Global Risk Report 2016–The Ecology of Risks


 

1.  INTRODUCTION

In my previous posts on the World Economic Forum’s Global Risk Report 2016, I have concentrated on

  • the methodology of the report (corresponding to the Plan Risk Management process of Project Management),
  • the identification of risks (corresponding to the Identify Risks process of Project Management)
  • the qualitative analysis of risks (corresponding to the Perform Qualitative Analysis process of Project Management)

Although I have discussed in the last posts on the qualitative analysis of risks those individual global risks which are considered to have the highest probability and/or potential impact, this post goes to Figure 2 of the Global Risk Report, the “Global Risks Interconnections Map 2016.”   In order to visually appreciate this map you need to download the actual report at

http://www3.weforum.org/docs/GRR/WEF_GRR16.pdf

However, I would like to discuss those global risks which are considered to be the 10 most interconnected with other global risks.

Global Risk Category
1. Profound social instability Societal
2. Large-scale social instability Societal
3. Failure of climate-change mitigation or adaptation Environmental
4. State collapse or crisis Geopolitical
5. Interstate conflict Geopolitical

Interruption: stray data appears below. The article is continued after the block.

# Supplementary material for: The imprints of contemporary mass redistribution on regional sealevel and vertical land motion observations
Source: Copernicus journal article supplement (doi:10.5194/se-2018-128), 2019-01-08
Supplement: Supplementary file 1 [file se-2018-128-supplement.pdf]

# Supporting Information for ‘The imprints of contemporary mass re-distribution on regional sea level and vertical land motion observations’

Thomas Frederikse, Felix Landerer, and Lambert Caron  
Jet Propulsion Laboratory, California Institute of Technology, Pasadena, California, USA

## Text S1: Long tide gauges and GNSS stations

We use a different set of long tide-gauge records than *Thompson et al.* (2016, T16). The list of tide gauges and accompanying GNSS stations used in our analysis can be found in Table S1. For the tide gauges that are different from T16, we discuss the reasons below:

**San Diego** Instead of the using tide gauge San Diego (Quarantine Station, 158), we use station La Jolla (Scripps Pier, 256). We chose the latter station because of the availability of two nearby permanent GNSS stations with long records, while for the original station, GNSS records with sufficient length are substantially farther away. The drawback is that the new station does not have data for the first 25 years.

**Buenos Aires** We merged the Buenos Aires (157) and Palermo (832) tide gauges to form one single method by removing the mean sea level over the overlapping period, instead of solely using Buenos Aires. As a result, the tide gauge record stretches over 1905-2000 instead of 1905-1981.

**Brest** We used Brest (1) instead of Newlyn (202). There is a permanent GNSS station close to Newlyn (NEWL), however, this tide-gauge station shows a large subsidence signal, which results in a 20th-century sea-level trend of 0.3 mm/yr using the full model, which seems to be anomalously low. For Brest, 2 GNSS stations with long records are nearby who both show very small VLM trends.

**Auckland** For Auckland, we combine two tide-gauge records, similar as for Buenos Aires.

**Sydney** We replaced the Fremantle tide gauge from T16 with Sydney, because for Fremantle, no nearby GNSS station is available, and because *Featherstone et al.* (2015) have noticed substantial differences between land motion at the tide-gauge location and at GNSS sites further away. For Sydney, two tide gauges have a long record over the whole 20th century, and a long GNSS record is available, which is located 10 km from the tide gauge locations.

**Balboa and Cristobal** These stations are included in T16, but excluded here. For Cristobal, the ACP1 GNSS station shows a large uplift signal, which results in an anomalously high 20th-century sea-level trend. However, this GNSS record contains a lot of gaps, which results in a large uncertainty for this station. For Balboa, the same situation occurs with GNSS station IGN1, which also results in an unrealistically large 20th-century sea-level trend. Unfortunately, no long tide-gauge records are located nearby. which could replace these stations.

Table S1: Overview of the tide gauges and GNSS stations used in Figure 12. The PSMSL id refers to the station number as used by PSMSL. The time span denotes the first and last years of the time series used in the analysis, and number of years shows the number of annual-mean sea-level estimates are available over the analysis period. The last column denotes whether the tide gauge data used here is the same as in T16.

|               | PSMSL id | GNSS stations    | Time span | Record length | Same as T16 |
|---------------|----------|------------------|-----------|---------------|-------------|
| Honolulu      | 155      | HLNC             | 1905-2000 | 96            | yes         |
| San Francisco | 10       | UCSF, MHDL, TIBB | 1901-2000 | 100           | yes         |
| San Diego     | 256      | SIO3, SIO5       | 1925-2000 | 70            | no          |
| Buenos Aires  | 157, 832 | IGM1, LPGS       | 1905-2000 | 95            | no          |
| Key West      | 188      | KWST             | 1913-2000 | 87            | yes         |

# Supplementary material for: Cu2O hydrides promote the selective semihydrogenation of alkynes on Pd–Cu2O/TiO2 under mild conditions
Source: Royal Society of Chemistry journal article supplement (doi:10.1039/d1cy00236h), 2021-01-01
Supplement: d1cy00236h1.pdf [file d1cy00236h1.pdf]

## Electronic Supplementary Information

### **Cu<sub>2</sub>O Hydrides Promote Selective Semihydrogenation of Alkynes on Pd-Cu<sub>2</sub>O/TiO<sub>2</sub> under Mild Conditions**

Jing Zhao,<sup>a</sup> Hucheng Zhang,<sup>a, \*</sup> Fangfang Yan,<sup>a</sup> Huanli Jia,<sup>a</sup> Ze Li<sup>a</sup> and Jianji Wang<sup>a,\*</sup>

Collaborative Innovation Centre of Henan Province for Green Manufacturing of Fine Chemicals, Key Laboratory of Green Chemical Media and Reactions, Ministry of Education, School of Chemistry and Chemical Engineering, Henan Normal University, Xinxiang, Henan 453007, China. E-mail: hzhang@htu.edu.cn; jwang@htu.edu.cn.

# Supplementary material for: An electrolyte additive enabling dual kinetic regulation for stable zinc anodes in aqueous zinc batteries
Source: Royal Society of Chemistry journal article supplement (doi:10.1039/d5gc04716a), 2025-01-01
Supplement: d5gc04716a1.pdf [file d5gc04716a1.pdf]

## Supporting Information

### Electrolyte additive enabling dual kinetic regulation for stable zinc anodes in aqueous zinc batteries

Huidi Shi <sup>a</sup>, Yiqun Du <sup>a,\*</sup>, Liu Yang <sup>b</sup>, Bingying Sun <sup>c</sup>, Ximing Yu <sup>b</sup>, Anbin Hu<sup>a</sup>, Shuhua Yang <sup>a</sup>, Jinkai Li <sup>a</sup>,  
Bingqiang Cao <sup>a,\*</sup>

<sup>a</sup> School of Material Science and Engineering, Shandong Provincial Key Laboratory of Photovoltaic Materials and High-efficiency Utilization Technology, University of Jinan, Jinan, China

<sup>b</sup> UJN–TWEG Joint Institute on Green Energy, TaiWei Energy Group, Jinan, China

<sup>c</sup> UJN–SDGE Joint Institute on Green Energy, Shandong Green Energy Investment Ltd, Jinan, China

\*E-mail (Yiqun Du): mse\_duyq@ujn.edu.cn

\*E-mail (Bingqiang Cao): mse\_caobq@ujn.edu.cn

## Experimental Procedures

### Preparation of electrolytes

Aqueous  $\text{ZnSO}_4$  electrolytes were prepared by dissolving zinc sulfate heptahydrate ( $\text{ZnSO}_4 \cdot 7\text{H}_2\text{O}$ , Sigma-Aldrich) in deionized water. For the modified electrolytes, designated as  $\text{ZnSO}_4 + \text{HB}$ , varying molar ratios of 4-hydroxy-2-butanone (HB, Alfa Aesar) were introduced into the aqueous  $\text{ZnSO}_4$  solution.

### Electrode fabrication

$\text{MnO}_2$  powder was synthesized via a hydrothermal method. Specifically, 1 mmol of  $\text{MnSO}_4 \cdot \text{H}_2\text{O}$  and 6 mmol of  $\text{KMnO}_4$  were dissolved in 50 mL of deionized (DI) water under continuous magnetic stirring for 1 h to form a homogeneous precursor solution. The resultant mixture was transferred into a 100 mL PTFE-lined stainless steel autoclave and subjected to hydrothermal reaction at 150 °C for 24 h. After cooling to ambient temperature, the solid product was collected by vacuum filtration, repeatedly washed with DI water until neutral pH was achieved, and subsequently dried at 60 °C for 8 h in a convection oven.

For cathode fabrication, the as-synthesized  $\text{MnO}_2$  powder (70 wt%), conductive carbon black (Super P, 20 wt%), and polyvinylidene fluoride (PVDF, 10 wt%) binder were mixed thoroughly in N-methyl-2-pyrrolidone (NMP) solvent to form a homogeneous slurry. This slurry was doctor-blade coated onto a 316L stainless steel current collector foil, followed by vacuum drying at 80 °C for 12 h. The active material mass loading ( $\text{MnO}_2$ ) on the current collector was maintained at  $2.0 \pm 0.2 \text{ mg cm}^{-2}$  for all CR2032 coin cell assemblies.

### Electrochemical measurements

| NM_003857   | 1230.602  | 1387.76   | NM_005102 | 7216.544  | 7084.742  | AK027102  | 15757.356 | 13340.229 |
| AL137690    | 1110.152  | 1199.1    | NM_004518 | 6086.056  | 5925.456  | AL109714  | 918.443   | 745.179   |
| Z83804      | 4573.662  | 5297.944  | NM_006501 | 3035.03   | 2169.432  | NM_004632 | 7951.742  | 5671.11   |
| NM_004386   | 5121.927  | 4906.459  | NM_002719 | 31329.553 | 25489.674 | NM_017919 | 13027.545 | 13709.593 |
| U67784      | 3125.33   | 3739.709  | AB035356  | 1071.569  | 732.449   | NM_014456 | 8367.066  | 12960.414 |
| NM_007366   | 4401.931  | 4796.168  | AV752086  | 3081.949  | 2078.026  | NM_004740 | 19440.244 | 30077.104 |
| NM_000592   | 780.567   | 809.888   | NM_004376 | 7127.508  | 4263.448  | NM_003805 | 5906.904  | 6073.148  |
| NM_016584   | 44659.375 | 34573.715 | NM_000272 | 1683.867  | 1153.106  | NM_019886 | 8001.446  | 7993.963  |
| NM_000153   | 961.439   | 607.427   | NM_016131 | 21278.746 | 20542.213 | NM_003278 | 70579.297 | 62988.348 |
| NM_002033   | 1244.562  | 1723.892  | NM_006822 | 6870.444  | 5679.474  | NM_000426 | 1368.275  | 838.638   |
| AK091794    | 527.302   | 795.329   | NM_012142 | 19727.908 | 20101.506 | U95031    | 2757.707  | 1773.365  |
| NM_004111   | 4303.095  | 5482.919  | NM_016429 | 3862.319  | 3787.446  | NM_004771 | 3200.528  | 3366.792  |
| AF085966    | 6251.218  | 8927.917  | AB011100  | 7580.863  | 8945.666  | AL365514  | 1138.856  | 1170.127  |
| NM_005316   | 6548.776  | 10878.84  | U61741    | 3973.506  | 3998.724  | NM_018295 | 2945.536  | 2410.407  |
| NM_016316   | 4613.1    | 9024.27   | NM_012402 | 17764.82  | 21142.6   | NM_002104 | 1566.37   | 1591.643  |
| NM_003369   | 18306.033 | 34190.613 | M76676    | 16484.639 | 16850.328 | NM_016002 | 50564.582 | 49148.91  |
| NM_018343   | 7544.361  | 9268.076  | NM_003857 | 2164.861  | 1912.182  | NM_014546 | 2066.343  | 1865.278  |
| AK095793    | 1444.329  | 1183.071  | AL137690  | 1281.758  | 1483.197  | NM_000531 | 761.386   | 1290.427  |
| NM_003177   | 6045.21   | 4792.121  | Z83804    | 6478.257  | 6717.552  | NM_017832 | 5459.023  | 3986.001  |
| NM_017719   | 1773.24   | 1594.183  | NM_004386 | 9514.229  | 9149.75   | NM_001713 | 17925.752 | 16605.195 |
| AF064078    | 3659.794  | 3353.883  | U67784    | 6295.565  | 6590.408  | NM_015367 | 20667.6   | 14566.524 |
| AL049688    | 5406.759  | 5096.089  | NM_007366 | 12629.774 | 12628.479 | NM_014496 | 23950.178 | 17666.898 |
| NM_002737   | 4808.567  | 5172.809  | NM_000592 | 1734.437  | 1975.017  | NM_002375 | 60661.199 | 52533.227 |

6 Fiscal crises Economic
7. Extreme weather events Environmental
8. Water crises Societal
9. Food crises Societal
10. Cyberattacks Technological

Here are some things to notice about these risks.

a.  The risks that made the list of “most interconnected” were societal risks.   If you look at the risk map in Figure 2, they are the ones that are in the center of the map, and have the most links leading to it.

b.  One way to look at the interconnected issue is to notice that the Syrian refugee crisis was preceded by a water crisis in turn exacerbated by the extreme heat and drought brought about by the initial stages of global warming, resulting in the internal migration from the desert to the cities.   The crackdown of the Syrian government against rebellion take an even larger toll on Syrian society, which caused large-scale involuntary migration from those rebel areas that were being targeted militarily by the government.  In turn, this started to have an effect on neighboring countries which drew in both Russia and the United States.

The interconnectedness of these risks is part of their difficulty, but also integral to the opportunities that are presented if they can be mitigated.  Their interconnected precludes simple solutions such as dropping bombs on rebel-held areas.   But if the crisis can be mitigated through multilateral diplomatic efforts, a lot of problems can be effectively solved at one .and the same time.

The cascading effect of one risk effecting a network of others can be seen as a danger or an opportunity.

The next post discusses how global risks are perceived differently, depending on the region of the world you happen to live in.

 

 

 

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